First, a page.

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      Preparation of Microcrystals of Piroxicam Monohydrate by Antisolvent Precipitation via Microfabricated Metallic Membranes with Ordered Pore Arrays

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          Abstract

          Microcrystals of piroxicam (PRX) monohydrate with a narrow size distribution were prepared from acetone/PRX solutions by antisolvent crystallization via metallic membranes with ordered pore arrays. Crystallization was achieved by controlled addition of the feed solution through the membrane pores into a well-stirred antisolvent. A complete transformation of an anhydrous form I into a monohydrate form of PRX was confirmed by Raman spectroscopy and differential scanning calorimetry. The size of the crystals was 7–34 μm and was controlled by the PRX concentration in the feed solution (15–25 g L –1), antisolvent/solvent volume ratio (5–30), and type of antisolvent (Milli-Q water or 0.1–0.5 wt % aqueous solutions of hydroxypropyl methyl cellulose (HPMC), poly(vinyl alcohol) or Pluronic P-123). The smallest crystals were obtained by injecting 25 g L –1 PRX solution through a stainless-steel membrane with a pore size of 10 μm into a 0.06 wt % HPMC solution stirred at 1500 rpm using an antisolvent/solvent ratio of 20. HPMC provided better steric stabilization of microcrystals against agglomeration than poly(vinyl alcohol) and Pluronic P-123, due to hydrogen bonding interactions with PRX and water. A continuous production of large PRX monohydrate microcrystals with a volume-weighted mean diameter above 75 μm was achieved in a continuous stirred membrane crystallizer. Rapid pouring of Milli-Q water into the feed solution resulted in a mixture of highly polydispersed prism-shaped and needle-shaped crystals.

          Abstract

          Piroxicam monohydrate microcrystals with an average size of 7−34 μm and monomodal size distribution were prepared by membrane antisolvent crystallization. Piroxicam precipitated in the cubic form by controlled addition of a piroxicam/acetone solution through the pores of microfabricated metallic membranes into a well-stirred antisolvent (water or aqueous surfactant solution). The most efficient surfactant was 0.06 wt % hydroxypropyl methyl cellulose.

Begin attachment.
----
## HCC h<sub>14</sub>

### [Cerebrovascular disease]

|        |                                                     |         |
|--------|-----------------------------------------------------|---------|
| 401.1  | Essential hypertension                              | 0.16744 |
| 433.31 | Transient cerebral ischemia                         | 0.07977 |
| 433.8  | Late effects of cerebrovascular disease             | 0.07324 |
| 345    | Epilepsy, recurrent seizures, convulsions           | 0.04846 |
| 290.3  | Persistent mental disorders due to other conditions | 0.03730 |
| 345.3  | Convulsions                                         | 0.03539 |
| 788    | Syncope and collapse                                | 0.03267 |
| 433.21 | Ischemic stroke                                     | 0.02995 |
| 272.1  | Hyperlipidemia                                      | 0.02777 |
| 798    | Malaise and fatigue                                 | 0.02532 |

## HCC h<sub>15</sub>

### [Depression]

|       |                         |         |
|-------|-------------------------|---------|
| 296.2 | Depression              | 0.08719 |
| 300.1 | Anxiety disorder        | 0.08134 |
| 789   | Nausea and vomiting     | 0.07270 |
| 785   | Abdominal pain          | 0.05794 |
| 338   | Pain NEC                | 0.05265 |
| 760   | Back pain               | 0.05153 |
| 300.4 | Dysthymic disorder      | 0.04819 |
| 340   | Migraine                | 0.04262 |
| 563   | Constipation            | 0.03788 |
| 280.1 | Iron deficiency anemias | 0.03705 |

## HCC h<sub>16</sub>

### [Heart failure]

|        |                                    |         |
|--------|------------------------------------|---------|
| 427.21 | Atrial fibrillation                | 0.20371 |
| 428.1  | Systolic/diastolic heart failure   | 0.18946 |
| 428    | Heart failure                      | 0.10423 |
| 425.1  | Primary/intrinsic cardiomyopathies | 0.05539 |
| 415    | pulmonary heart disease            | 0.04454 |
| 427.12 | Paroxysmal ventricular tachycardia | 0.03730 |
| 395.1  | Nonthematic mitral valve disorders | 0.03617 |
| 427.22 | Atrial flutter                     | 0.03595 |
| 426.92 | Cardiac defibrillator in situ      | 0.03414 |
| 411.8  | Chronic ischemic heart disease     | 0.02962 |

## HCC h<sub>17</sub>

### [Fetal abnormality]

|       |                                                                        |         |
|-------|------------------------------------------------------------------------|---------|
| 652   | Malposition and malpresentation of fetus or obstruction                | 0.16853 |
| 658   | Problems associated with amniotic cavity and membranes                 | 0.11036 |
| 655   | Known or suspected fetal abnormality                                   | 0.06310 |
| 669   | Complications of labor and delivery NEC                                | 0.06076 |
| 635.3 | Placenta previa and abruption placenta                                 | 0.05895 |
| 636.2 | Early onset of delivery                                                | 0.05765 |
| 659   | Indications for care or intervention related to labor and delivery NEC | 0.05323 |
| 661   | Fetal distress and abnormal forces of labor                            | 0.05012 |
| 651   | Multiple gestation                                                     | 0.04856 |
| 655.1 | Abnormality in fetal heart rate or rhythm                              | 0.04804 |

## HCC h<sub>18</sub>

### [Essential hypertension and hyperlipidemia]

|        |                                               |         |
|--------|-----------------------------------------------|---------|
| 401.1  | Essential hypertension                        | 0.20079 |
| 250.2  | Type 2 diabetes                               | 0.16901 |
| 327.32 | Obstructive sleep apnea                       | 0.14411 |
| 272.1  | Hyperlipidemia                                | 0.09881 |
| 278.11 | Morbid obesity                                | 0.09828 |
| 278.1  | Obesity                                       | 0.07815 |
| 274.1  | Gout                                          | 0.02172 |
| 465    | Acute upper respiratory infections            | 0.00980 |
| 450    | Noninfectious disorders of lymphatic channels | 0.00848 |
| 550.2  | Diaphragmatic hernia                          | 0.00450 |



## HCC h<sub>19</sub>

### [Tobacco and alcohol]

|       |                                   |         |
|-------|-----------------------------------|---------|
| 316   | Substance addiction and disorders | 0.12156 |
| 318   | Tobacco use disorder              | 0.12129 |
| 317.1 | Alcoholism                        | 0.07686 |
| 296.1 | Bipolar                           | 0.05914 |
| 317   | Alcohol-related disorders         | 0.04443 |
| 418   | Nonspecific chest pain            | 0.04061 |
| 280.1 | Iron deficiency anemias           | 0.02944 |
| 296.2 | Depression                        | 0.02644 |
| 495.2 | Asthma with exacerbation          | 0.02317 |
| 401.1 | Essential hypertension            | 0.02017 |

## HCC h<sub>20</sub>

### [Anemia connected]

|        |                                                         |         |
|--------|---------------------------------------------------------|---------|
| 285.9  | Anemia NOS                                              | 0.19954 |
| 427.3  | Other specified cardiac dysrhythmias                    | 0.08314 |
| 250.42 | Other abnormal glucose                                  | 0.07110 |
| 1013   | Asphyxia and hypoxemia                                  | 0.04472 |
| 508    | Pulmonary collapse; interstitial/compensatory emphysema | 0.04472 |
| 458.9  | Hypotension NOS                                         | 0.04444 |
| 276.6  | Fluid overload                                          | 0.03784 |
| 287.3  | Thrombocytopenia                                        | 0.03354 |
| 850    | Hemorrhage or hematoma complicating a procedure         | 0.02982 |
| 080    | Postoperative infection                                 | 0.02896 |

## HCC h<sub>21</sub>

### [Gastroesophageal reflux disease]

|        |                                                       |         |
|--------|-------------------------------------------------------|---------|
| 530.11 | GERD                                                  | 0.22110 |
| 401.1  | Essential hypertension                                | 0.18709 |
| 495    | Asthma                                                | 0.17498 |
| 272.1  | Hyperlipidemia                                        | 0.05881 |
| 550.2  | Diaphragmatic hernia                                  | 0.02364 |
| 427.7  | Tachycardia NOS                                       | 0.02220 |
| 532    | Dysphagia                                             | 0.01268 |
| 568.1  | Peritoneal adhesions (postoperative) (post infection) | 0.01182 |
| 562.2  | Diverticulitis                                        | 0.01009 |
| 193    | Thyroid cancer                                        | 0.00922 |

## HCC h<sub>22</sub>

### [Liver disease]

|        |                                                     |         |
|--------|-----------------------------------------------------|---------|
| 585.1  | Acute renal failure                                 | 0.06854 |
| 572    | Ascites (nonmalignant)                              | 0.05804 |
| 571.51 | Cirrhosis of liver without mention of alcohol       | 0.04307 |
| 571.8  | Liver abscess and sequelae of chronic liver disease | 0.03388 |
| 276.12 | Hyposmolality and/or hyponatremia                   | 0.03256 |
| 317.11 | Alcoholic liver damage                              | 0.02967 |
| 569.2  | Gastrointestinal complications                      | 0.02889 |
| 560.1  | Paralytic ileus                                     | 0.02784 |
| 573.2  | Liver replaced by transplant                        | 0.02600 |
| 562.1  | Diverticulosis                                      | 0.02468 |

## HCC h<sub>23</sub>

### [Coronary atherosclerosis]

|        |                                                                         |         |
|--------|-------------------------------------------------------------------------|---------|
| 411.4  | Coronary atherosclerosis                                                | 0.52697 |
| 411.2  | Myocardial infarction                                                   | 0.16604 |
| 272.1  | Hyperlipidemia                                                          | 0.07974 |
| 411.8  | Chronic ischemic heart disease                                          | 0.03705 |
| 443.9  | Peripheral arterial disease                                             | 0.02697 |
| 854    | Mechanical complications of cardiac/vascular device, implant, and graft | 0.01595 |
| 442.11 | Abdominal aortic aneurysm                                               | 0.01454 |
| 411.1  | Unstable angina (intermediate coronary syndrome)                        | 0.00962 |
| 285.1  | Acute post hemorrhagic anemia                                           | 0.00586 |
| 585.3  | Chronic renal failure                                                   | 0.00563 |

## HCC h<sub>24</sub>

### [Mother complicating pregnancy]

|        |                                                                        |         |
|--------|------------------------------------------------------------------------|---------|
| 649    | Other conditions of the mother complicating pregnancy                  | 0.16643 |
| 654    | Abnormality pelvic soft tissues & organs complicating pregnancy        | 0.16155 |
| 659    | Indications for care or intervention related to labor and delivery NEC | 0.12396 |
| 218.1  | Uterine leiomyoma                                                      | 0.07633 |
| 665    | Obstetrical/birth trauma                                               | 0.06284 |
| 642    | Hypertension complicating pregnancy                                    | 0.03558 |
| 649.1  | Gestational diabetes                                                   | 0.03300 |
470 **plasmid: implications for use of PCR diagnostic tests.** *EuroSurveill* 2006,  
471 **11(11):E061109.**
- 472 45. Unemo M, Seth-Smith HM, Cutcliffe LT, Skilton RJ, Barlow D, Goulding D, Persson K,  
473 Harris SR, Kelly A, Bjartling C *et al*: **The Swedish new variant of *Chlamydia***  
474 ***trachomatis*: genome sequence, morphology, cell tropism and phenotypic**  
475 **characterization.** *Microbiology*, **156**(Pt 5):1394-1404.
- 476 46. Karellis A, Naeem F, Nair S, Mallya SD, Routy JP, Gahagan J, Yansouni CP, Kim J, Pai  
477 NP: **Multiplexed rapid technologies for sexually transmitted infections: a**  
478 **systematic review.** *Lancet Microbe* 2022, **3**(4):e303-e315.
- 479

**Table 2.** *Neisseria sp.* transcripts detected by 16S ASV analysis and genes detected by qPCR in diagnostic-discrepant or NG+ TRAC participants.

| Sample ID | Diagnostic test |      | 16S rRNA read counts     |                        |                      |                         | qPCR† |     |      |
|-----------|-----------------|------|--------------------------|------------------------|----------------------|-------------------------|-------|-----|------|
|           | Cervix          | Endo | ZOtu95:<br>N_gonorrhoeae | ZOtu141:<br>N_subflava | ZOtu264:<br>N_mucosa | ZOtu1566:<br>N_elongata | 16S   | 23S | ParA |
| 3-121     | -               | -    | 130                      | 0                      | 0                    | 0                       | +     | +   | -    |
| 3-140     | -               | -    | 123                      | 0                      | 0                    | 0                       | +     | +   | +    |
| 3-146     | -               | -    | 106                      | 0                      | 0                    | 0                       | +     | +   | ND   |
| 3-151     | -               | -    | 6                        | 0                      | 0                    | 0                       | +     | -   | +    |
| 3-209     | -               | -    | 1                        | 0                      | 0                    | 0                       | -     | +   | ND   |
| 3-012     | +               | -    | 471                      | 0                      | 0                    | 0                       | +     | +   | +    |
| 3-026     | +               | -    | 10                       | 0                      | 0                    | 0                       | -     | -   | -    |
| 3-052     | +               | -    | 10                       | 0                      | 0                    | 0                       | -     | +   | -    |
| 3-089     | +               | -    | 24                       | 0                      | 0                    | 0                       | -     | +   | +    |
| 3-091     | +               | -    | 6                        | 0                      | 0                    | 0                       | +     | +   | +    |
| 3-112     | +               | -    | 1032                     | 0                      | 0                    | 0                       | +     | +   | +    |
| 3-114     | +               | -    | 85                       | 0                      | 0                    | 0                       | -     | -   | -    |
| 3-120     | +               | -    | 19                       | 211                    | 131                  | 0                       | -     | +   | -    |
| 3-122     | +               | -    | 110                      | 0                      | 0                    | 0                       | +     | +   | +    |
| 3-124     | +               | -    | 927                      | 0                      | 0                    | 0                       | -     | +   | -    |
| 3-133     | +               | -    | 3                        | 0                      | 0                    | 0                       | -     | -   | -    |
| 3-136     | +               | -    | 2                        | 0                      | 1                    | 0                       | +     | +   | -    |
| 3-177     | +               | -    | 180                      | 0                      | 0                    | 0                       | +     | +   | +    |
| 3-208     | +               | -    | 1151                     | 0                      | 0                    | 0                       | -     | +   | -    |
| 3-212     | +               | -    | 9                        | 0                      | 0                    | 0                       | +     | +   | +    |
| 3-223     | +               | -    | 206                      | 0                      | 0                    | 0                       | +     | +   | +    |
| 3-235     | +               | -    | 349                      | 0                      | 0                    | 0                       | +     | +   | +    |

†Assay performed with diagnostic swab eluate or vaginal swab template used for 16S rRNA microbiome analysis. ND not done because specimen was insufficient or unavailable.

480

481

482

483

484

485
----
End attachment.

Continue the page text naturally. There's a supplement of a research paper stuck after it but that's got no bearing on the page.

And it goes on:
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          Pharmaceutical particle technologies: An approach to improve drug solubility, dissolution and bioavailability

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            Modern bioavailability, bioequivalence and biopharmaceutics classification system. New scientific approaches to international regulatory standards.

            In the last decade, the regulatory bioequivalence (BE) requirements of drug products have undergone major changes. The introduction of the biopharmaceutics drug classification system (BCS) into the guidelines of the Food and Drug Administration (FDA) is a major step forward to classify the biopharmaceutical properties of drugs and drug products. Based on mechanistic approaches to the drug absorption and dissolution processes, the BCS enables the regulatory bodies to simplify and improve the drug approval process. The knowledge of the BCS characteristics of a drug in a formulation can also be utilized by the formulation scientist to develop a more optimized dosage form based on fundamental mechanistic, rather than empirical, information. This report gives a brief overview of the BCS and its implications.